BJT characteristics

The collector current direction remains same in both active and saturation state where the former puts the base collector junction reverse biased and the latter puts the base collector junction forward biased. How is it possible?

Question inspired from https://www.quora.com/Why-do-collector-current-flows-from-collector-to-the-base-even-in-transistor-in-saturation-state-when-the-base-collector-junction-is-forward-biased

  • \$\begingroup\$ It's not possible how I read you describing it. \$\endgroup\$ – Andy aka Jun 15 '16 at 17:23
  • \$\begingroup\$ If base collector is forward biased then current will change direction. \$\endgroup\$ – Andy aka Jun 15 '16 at 17:30
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    \$\begingroup\$ @Andyaka, we often assume that c-e can drop to maybe 0.2 V while b-e is 0.7 V. So the b-c junction is (slightly) forward biased but the net current is still in to the collector (for npn). \$\endgroup\$ – The Photon Jun 15 '16 at 17:43
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    \$\begingroup\$ The direction of the current is not determined by the state of the CB junction. The direction of the current is determined by the voltages applied to the CB and BE junction. Only when the BE junction is in forward will the CB junction allow current to flow in the "reversed" direction. \$\endgroup\$ – Bimpelrekkie Jun 15 '16 at 17:49
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    \$\begingroup\$ A BJT can't be modelled as two diodes. \$\endgroup\$ – Chu Jun 15 '16 at 21:33

The Ebers-Moll model actually considers this issue.

Having noted that it is not really possible to model a transistor as two diodes, it is possible to model it as two functions of the same transistor.

If you wish for a full canonical answer I can provide it, but I will try to stay intuitive at this point.

Start in the normal operating mode, where \$V{bc}\$ is \$\le \ 0\$ ( reverse biased) and \$V_{be}\$ is present and above the threshold; therefore the current gain is in the active region.

Now reverse the situation such that \$V_{bc}\$ is present (collector base forward biased) and \$V_{be}\$ is 0. This reverses the transistor and swaps emitter and collector, but due to the doping levels of a standard transistor, the current gain is much lower in this mode. (The gain is proportional to doping levels and the emitter is more heavily doped than the collector)

When superimposing the gains, the normal forward gain is still larger than the reverse current gain and therefore the overall current gain is still in the sign of the normal forward mode, but at a much lower value (which is why \$ \beta \$ is very low at low \$V_{ce}\$ and therefore why \$I_c\$ is very low at low \$V_{ce}\$; this implies that \$V_b \ is \gt V_c\$ for a NPN device).

The overall large signal current gain (and therefore the effective direction of current) is strictly given by:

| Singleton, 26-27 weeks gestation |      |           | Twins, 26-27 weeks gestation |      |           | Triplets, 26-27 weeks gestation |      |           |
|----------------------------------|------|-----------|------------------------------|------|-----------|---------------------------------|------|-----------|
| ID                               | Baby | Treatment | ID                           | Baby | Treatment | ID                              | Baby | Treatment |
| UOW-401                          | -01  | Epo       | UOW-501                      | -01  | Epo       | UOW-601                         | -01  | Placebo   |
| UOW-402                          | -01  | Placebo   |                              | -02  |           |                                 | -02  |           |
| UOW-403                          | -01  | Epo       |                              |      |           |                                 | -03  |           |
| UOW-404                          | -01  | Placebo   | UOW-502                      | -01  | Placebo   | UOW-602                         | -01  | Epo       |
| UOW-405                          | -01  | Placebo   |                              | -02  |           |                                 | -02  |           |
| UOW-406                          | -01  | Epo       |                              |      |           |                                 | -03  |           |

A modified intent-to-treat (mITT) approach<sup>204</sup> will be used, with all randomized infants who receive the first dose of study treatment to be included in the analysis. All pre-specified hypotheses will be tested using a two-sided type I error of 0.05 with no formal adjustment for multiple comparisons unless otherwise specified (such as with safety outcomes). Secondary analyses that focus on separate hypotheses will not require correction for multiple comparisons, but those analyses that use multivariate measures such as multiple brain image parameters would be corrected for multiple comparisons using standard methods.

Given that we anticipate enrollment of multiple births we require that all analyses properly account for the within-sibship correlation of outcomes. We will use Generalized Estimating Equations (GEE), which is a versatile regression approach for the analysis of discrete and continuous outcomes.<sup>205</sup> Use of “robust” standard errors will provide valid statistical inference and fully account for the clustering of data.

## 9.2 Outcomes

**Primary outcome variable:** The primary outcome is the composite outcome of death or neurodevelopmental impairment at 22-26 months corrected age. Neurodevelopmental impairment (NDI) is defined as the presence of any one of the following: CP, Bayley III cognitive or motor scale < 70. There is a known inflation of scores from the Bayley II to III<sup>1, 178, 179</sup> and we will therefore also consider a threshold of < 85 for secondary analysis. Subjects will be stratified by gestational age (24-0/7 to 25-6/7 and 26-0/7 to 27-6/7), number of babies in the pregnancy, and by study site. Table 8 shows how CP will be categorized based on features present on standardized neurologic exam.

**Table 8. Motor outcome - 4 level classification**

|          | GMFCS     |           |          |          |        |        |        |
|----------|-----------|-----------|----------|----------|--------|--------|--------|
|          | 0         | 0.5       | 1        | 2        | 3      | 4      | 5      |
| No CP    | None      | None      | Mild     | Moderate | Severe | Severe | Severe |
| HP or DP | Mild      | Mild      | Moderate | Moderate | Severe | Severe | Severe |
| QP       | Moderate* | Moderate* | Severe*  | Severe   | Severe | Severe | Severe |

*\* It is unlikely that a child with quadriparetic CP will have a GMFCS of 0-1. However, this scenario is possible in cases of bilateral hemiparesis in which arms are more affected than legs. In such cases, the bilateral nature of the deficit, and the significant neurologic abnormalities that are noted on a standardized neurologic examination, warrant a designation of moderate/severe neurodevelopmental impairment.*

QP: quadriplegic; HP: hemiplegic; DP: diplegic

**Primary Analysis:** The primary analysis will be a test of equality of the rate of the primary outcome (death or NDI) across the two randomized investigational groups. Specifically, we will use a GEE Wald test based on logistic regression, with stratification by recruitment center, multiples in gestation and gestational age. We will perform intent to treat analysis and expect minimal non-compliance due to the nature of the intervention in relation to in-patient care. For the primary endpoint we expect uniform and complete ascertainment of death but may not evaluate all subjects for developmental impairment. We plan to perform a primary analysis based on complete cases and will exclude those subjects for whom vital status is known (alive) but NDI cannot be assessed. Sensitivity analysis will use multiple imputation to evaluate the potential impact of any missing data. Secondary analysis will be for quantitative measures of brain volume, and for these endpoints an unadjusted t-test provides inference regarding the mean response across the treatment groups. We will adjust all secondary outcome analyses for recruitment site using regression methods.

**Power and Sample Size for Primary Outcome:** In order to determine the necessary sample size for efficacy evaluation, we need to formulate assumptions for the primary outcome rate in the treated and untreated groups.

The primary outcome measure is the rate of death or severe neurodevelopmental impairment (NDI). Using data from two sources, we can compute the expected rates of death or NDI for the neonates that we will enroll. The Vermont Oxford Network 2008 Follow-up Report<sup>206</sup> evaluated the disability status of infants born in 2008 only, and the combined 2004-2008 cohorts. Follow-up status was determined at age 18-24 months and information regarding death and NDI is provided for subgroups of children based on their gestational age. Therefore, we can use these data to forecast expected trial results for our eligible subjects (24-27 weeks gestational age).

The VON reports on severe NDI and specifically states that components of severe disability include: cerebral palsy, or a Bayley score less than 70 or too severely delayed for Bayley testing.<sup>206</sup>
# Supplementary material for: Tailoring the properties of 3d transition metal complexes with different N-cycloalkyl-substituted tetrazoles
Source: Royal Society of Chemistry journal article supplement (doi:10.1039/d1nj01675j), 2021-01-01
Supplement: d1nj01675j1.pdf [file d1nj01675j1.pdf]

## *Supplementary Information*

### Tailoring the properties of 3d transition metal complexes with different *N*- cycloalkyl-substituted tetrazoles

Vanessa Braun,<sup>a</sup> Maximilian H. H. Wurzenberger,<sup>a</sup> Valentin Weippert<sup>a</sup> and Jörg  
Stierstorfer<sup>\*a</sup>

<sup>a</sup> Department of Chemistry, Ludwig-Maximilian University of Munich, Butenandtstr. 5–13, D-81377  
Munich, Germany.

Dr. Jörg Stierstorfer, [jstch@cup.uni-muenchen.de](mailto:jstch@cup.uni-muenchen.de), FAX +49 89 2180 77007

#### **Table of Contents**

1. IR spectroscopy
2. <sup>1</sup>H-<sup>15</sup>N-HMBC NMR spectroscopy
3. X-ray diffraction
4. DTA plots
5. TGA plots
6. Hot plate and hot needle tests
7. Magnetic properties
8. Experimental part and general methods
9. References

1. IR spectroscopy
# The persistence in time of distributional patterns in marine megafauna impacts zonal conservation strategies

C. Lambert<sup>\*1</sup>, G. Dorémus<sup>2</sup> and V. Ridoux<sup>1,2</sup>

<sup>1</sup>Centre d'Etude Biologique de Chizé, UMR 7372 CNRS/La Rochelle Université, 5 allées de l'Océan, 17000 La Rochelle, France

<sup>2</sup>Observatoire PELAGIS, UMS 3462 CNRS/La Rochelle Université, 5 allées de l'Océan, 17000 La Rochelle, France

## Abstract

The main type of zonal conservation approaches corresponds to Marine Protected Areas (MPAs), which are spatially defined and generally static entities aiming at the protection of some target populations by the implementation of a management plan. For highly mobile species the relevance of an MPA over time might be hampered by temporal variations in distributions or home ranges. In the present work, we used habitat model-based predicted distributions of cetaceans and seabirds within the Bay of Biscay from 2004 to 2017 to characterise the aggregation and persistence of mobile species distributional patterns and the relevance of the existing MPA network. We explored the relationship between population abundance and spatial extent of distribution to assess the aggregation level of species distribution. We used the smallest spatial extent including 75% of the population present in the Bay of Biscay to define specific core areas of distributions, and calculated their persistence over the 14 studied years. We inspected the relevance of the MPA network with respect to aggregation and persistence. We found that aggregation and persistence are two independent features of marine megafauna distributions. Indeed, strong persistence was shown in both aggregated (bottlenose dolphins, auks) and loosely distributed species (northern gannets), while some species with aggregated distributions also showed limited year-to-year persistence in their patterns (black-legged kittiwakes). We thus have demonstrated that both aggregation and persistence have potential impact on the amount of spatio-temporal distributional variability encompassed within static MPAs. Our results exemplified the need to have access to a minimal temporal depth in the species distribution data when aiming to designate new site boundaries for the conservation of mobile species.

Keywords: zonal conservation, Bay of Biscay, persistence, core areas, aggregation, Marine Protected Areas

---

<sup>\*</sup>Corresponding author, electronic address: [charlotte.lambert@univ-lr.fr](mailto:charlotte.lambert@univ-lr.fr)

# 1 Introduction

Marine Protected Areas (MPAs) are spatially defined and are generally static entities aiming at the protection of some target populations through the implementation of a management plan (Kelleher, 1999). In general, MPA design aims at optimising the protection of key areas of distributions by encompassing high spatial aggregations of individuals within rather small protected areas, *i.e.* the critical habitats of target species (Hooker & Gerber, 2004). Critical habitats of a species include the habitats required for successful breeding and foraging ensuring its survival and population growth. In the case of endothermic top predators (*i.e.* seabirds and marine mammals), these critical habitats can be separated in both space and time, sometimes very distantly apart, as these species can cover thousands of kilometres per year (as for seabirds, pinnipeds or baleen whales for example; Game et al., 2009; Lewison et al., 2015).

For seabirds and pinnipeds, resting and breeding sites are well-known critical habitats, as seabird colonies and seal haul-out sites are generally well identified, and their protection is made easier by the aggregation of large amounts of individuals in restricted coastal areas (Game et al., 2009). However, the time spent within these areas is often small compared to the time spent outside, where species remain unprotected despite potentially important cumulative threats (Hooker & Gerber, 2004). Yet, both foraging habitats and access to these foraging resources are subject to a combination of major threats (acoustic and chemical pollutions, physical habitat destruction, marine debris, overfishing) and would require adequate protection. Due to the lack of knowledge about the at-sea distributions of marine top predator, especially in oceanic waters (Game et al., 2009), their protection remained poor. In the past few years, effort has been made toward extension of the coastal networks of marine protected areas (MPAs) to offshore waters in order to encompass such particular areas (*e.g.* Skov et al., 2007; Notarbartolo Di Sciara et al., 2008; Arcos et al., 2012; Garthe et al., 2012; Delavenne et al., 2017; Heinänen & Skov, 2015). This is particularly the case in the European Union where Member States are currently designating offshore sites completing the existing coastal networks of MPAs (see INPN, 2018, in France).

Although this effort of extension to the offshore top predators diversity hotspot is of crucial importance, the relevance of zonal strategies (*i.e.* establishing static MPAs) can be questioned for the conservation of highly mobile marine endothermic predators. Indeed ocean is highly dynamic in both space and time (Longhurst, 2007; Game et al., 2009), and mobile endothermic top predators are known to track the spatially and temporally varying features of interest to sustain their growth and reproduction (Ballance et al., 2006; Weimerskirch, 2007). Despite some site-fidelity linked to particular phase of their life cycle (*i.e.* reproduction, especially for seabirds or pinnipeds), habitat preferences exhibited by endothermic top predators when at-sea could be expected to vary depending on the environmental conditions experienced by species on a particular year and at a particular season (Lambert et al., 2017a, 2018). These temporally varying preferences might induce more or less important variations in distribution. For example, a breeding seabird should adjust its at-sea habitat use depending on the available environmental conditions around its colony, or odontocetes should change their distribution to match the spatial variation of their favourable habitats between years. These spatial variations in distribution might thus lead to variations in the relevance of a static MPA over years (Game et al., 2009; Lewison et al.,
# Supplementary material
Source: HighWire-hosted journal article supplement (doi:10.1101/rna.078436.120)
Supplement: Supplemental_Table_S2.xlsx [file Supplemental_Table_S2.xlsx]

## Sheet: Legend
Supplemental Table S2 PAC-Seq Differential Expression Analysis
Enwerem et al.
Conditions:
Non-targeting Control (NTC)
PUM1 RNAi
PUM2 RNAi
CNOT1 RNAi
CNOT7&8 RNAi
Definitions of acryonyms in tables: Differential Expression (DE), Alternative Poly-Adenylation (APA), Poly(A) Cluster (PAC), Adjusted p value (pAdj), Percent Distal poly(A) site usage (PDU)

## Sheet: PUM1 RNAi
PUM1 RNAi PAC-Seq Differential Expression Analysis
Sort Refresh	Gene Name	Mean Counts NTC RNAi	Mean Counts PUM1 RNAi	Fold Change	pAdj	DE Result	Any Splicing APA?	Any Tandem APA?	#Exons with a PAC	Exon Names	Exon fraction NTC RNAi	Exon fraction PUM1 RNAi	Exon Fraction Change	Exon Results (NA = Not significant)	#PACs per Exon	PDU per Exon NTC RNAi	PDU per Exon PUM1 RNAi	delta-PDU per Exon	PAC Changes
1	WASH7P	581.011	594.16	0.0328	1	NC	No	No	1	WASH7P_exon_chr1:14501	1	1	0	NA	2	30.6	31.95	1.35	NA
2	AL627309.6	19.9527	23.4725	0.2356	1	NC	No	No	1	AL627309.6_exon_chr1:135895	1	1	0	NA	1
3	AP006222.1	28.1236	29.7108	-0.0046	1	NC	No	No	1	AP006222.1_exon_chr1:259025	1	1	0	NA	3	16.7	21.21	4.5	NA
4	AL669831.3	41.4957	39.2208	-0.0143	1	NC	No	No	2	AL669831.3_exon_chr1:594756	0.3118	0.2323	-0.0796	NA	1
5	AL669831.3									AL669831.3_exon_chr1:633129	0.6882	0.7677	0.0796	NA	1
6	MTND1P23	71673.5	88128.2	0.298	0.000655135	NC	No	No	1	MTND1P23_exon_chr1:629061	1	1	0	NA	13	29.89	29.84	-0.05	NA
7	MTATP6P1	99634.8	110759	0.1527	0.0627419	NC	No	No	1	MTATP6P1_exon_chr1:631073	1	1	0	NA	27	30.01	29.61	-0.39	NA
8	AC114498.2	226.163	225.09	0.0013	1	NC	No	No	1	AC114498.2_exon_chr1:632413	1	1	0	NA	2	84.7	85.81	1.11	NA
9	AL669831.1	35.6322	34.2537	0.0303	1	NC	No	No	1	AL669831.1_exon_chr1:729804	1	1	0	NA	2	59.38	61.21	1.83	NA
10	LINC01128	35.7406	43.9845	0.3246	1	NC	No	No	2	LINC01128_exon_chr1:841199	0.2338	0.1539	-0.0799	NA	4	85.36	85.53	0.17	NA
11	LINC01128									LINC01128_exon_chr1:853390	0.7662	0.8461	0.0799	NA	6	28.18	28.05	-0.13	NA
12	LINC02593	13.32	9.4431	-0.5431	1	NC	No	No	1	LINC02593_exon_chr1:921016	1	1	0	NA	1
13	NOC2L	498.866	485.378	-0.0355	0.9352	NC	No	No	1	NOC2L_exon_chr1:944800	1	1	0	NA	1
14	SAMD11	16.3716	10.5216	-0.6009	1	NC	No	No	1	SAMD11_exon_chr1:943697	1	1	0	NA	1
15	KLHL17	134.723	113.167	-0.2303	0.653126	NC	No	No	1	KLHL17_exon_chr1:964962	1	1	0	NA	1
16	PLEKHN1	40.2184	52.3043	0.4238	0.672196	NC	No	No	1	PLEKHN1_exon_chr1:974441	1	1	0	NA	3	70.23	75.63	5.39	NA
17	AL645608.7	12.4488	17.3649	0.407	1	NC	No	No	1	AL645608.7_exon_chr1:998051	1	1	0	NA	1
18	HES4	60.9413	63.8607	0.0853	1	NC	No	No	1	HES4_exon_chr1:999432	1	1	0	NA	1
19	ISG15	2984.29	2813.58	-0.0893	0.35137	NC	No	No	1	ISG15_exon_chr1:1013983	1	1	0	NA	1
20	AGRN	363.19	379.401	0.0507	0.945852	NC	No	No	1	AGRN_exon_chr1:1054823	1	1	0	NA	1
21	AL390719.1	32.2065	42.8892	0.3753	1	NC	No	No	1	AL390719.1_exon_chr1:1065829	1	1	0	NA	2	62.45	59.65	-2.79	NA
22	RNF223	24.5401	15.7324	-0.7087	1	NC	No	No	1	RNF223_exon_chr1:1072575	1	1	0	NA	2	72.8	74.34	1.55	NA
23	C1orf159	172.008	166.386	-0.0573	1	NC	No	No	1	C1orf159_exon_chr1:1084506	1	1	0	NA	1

Ebers Moll

The first term describes the first situation (normal forward bias outside of saturation) and the second term the reverse situation (collector > base for NPN); \$ \beta_R\$ is the reverse current gain.

There is an excellent thorough analysis available.


In short, there is a plenty of definitions of “saturation” with different parameters and even signs of \$I_{\mathrm C}\$. They refer to all vast region that is neither usable for an amplifier nor is a cut-off.

The on–on region (when both junctions are on), called hard saturation by Ramshaw, is a mode rarely used in practice (except some switching circuits). It meets the definition of saturation from English Wikipedia. It isn’t pictured on the graph.

A more practically relevant case is quasi-saturation, where no further increase in \$I_{\mathrm C}\$ occurs when \$I_{\mathrm B}\$ increases. It is characterised by low \$V_{\mathrm{BC}}\$, but the base–collector junction is still reverse biased. It isn’t a saturation as English Wikipedia (text) understands it and fits under its “active”.

The low-voltage region immediately before on–on is “saturation” even by the voltage-based definition from Wikipedia, but has currents similar to forward-active (see @The Photon’s comment). Like the on–on region, both junctions are forward-biased, albeit the collector one only slightly. But, unlike the on–on region, the collector junction isn’t actually on since its knee voltage isn’t reached. If the C–B voltage is only slightly forward, then there is still a depletion zone along the junction, and very few collector or base carriers leak through it. But, if the E–B is open, carriers from the emitter are injected to the base like in a regular forward-active mode, and some part of them make the way to collector via diffusion. Thus collector’s current is directed the same way as in a usual forward-active (i. e. β > 0). This mode is rarely considered because of its low current gain. It’s possibly the thing denoted as “saturation” on the graph, since its \$V_{\mathrm{CE}}\$ is still above zero. At that picture one can see where the collector current vanishes (unfortunately, the on–on region isn’t shown).

Note: Ī̲ sometimes use a home-made and probably non-standard terminology, but it appears that electronics textbooks didn’t establish a good one because of neglect of marginal modes of operation.


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